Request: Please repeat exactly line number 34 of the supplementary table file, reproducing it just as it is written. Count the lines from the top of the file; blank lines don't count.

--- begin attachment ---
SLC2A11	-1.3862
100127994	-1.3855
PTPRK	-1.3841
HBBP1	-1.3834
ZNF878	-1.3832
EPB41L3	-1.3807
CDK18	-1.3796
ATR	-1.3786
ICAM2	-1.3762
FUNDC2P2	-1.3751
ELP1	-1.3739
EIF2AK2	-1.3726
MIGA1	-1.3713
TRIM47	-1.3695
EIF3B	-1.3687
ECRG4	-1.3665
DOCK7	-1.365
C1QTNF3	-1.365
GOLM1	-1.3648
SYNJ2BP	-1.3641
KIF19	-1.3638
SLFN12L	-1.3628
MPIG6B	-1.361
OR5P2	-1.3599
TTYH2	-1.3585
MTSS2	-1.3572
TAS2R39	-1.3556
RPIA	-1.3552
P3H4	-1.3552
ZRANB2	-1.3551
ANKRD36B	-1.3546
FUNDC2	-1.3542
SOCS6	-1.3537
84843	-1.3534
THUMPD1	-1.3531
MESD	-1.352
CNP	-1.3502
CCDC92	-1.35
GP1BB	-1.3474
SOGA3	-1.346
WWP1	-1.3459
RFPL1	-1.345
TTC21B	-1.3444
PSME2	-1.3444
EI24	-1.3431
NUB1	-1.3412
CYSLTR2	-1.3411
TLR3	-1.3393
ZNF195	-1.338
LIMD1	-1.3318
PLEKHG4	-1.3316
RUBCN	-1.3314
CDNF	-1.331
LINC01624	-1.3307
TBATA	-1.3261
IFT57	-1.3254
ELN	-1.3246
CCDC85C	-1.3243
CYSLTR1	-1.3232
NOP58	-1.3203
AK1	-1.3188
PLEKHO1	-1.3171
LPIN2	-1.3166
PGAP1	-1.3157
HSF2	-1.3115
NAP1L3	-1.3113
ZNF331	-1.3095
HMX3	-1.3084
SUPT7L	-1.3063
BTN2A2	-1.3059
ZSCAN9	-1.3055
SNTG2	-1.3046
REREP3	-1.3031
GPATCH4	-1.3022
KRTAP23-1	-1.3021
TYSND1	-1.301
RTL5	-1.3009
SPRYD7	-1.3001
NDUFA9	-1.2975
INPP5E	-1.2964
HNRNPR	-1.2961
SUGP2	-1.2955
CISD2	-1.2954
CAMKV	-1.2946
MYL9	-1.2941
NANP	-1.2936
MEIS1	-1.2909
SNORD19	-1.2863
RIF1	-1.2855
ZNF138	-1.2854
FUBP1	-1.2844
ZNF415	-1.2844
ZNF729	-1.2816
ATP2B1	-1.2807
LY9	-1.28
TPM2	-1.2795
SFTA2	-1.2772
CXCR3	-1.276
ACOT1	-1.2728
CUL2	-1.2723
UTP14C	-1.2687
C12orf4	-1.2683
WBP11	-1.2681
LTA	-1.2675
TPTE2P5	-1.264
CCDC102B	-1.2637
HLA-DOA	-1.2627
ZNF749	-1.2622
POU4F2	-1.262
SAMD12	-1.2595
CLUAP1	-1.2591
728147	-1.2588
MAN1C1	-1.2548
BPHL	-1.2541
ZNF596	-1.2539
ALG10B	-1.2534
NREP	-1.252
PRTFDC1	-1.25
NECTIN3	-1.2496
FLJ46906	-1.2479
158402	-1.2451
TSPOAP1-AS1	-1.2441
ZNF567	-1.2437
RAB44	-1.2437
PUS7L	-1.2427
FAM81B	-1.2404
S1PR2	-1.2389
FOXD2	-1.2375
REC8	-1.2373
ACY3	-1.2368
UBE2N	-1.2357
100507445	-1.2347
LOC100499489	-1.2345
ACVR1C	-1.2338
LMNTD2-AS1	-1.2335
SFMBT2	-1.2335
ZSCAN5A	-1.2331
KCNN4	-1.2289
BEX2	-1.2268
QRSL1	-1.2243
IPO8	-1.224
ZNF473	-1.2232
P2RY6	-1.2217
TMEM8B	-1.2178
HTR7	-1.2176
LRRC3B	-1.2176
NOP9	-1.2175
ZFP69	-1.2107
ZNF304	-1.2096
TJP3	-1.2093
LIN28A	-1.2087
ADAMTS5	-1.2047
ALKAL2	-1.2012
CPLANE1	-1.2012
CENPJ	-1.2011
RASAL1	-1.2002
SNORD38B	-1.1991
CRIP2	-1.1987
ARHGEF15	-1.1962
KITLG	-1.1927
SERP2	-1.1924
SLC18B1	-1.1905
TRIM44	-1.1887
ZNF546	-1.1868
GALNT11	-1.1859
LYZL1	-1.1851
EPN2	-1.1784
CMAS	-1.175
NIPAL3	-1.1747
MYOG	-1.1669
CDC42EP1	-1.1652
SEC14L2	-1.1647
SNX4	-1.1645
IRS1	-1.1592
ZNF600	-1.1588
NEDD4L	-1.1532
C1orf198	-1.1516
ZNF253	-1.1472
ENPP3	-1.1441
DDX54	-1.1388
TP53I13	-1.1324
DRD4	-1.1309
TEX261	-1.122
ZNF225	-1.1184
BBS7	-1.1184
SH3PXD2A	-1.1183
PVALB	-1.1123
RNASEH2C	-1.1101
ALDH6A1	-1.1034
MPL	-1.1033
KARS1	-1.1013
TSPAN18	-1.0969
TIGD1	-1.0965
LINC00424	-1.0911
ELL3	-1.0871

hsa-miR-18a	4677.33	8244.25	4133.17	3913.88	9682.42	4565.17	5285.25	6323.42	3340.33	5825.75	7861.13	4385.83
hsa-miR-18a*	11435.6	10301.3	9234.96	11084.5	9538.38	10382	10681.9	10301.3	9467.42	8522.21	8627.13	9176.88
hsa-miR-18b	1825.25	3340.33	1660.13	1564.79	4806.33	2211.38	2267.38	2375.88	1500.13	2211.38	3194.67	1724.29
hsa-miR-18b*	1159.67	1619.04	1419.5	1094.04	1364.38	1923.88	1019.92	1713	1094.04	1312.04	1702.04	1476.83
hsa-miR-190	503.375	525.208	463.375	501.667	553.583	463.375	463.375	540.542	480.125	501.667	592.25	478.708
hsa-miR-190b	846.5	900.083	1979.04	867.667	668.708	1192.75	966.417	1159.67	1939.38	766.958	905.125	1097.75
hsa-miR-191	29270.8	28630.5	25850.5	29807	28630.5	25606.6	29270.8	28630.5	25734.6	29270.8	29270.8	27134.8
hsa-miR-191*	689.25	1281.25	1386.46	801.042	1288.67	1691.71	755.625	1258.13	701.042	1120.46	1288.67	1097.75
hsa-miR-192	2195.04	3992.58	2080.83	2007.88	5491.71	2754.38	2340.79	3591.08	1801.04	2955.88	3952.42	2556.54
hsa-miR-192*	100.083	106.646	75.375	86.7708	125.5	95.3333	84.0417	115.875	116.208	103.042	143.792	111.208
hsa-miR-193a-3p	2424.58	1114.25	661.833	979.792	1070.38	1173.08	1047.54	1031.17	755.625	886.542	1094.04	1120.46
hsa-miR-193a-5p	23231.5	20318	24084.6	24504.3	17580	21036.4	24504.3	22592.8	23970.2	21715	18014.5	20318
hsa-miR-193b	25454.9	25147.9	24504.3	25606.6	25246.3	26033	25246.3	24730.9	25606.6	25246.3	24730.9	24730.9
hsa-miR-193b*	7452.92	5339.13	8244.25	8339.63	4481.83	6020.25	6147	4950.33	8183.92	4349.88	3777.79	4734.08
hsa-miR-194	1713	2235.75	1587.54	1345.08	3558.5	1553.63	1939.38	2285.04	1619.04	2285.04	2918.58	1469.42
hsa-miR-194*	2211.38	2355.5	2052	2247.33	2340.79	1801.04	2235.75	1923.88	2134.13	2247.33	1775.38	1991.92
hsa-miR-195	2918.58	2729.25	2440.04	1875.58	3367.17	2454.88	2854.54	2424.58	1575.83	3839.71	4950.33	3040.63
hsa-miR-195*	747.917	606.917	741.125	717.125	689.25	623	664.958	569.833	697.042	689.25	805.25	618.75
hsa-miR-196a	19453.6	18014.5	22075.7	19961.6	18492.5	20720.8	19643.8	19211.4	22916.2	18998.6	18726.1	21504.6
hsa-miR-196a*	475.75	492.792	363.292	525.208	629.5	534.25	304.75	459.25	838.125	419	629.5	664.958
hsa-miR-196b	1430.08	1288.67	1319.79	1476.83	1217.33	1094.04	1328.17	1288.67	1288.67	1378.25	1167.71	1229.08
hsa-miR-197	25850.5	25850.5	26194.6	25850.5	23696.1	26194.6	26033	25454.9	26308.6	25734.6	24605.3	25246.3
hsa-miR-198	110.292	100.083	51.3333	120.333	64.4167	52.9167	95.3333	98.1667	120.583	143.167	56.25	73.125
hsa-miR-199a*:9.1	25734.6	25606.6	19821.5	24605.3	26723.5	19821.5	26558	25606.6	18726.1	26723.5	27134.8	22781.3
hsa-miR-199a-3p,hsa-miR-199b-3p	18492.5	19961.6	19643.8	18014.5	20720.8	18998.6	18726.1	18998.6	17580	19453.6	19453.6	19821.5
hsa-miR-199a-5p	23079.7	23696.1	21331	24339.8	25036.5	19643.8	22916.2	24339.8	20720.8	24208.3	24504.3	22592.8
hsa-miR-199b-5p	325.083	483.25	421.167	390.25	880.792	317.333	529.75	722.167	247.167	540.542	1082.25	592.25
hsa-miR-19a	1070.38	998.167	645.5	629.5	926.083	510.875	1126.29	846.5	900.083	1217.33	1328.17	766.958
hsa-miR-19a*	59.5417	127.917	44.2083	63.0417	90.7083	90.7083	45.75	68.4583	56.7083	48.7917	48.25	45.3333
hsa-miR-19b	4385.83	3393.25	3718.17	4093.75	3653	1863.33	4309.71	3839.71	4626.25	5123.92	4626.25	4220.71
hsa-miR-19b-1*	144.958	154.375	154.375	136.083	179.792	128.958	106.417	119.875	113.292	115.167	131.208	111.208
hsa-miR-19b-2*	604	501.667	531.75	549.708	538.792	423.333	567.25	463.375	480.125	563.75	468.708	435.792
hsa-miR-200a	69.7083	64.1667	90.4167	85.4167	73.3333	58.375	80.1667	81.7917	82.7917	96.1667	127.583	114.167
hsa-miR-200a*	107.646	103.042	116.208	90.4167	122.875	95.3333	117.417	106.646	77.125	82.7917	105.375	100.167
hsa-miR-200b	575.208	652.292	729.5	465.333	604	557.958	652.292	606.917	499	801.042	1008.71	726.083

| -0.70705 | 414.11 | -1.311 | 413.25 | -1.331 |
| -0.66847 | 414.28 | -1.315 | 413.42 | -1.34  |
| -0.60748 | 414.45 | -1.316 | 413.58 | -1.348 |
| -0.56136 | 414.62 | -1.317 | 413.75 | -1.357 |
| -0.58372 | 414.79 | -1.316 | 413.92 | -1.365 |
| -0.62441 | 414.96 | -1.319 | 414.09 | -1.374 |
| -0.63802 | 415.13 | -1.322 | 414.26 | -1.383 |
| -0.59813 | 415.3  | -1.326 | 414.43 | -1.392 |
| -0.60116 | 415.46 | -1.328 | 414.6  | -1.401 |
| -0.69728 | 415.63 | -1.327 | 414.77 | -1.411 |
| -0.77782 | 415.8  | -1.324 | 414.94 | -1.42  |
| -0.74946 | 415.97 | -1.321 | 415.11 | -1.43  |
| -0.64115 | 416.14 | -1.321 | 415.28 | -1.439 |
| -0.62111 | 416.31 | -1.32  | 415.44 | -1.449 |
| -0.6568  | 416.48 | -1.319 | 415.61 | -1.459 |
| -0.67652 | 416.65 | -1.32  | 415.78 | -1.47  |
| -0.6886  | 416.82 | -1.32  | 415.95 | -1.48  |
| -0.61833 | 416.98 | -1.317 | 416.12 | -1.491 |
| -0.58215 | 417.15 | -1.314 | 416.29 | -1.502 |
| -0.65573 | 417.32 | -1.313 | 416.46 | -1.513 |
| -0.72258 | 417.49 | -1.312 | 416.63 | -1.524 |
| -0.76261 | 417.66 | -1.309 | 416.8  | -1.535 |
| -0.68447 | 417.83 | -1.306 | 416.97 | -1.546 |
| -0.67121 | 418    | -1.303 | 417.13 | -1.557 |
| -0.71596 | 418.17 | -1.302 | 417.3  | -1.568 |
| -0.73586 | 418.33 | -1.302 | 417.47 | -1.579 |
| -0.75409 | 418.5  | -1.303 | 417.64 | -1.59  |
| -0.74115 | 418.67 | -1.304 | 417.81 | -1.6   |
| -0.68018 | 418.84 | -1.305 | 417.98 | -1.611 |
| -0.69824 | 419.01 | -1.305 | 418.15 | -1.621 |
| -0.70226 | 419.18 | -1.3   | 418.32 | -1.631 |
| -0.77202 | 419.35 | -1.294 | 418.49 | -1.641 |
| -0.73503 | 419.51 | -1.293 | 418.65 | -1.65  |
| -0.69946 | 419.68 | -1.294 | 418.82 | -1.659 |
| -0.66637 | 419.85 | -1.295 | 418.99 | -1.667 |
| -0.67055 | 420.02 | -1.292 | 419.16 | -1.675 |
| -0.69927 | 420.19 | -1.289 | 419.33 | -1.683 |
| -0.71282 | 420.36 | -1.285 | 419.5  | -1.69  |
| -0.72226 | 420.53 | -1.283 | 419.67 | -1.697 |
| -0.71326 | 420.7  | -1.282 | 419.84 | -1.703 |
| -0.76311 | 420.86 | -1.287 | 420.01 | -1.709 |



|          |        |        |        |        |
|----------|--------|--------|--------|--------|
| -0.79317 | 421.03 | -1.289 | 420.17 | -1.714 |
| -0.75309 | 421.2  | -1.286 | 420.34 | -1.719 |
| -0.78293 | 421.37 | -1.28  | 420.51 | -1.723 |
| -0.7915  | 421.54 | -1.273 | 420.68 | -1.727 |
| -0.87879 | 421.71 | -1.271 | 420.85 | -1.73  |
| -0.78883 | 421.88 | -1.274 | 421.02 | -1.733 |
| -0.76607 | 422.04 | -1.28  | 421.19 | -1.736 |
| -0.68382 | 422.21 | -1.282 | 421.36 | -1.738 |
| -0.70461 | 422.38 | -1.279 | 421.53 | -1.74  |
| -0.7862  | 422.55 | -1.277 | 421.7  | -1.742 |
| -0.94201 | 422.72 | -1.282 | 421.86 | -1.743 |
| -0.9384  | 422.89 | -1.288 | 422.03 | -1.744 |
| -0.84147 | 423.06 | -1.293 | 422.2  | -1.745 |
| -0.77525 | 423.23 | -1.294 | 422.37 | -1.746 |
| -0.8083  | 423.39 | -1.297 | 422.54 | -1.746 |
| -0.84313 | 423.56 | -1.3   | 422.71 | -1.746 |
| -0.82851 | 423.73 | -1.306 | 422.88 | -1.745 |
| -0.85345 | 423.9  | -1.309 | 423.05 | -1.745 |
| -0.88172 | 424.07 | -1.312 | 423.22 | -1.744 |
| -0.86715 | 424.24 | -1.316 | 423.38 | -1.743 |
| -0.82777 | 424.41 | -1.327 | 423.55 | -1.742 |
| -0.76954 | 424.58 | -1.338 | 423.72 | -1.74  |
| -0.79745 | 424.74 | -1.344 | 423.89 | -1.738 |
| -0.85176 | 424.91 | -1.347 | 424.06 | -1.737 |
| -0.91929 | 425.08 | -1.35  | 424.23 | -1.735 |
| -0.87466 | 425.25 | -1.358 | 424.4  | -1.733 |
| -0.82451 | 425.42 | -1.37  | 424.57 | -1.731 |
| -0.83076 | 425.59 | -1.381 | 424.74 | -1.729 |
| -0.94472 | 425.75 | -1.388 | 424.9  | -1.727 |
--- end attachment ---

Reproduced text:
84843	-1.3534